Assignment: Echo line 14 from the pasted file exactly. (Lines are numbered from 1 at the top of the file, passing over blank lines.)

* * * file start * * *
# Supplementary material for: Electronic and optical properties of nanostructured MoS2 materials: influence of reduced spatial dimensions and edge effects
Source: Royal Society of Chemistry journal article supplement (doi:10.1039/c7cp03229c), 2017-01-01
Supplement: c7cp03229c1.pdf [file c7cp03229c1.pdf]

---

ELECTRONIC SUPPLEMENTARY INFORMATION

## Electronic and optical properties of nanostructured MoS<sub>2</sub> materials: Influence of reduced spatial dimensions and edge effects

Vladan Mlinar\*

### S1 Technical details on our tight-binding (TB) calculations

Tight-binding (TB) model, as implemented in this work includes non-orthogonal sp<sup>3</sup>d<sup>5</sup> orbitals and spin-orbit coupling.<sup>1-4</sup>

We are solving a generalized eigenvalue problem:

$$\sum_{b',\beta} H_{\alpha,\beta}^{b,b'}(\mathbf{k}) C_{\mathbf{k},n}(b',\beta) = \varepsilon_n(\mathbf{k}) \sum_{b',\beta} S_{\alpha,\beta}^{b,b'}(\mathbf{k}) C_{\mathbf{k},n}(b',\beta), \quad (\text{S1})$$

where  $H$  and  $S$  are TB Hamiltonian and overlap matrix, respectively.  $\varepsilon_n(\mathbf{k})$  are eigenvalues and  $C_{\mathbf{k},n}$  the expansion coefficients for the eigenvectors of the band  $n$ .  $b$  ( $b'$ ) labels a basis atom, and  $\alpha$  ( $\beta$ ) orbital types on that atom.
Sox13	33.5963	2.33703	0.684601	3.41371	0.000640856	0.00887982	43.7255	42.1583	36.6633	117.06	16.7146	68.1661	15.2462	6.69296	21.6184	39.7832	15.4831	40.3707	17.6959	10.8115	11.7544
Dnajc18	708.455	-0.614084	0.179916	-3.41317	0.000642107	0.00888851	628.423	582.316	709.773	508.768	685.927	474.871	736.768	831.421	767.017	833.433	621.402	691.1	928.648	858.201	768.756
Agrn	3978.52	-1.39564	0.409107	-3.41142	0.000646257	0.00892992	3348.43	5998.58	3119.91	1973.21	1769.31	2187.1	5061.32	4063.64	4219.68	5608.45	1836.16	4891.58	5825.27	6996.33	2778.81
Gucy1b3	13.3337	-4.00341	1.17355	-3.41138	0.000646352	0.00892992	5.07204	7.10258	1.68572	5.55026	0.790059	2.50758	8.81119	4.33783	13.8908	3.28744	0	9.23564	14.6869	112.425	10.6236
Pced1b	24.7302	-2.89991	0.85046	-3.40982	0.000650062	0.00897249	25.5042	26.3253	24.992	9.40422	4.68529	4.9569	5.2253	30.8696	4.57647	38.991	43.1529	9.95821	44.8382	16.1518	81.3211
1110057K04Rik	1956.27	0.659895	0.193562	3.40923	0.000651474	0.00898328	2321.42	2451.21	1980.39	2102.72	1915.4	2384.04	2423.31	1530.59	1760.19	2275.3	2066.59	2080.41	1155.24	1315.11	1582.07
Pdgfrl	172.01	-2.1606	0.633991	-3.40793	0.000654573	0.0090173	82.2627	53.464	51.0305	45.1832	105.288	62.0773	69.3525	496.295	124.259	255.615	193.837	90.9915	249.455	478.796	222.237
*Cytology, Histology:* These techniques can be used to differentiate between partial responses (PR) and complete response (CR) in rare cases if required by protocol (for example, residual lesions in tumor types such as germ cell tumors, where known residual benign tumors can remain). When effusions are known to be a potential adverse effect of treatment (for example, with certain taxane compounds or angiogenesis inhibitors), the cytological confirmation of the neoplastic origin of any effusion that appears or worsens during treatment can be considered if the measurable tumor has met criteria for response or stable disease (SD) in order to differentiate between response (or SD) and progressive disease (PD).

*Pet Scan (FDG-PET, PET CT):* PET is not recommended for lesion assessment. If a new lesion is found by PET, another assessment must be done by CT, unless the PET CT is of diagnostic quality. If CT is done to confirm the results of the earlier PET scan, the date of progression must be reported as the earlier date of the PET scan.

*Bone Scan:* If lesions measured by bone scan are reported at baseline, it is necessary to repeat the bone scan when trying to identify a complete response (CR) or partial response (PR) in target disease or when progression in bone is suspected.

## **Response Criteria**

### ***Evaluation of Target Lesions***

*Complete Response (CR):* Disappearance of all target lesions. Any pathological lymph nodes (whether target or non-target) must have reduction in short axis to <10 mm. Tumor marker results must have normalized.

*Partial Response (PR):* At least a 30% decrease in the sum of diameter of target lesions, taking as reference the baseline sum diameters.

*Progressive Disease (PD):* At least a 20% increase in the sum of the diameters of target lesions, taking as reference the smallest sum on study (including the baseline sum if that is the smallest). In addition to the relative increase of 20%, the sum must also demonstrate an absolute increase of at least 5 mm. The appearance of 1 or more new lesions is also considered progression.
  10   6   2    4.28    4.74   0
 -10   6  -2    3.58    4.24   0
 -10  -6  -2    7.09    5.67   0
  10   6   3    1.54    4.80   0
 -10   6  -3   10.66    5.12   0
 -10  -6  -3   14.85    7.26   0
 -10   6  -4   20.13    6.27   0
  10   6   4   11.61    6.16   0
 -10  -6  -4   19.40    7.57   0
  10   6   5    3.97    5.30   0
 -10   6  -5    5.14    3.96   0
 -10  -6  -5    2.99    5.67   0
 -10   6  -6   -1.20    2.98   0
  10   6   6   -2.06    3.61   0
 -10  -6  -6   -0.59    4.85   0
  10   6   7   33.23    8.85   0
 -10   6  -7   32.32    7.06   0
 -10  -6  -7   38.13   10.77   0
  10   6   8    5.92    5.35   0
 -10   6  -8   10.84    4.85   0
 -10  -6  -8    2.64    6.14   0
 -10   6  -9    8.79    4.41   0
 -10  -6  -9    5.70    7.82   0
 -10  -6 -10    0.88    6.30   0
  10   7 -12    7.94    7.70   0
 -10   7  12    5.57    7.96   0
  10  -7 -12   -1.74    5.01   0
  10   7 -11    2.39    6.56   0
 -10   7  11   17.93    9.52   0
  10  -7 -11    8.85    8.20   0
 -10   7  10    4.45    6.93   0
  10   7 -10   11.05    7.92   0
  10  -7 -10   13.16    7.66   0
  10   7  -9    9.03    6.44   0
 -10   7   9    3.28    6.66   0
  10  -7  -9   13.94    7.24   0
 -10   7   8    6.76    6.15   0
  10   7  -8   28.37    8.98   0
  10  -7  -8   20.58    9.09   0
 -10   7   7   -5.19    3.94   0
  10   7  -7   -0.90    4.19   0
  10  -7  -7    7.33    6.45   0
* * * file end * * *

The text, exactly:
Dnajc18	708.455	-0.614084	0.179916	-3.41317	0.000642107	0.00888851	628.423	582.316	709.773	508.768	685.927	474.871	736.768	831.421	767.017	833.433	621.402	691.1	928.648	858.201	768.756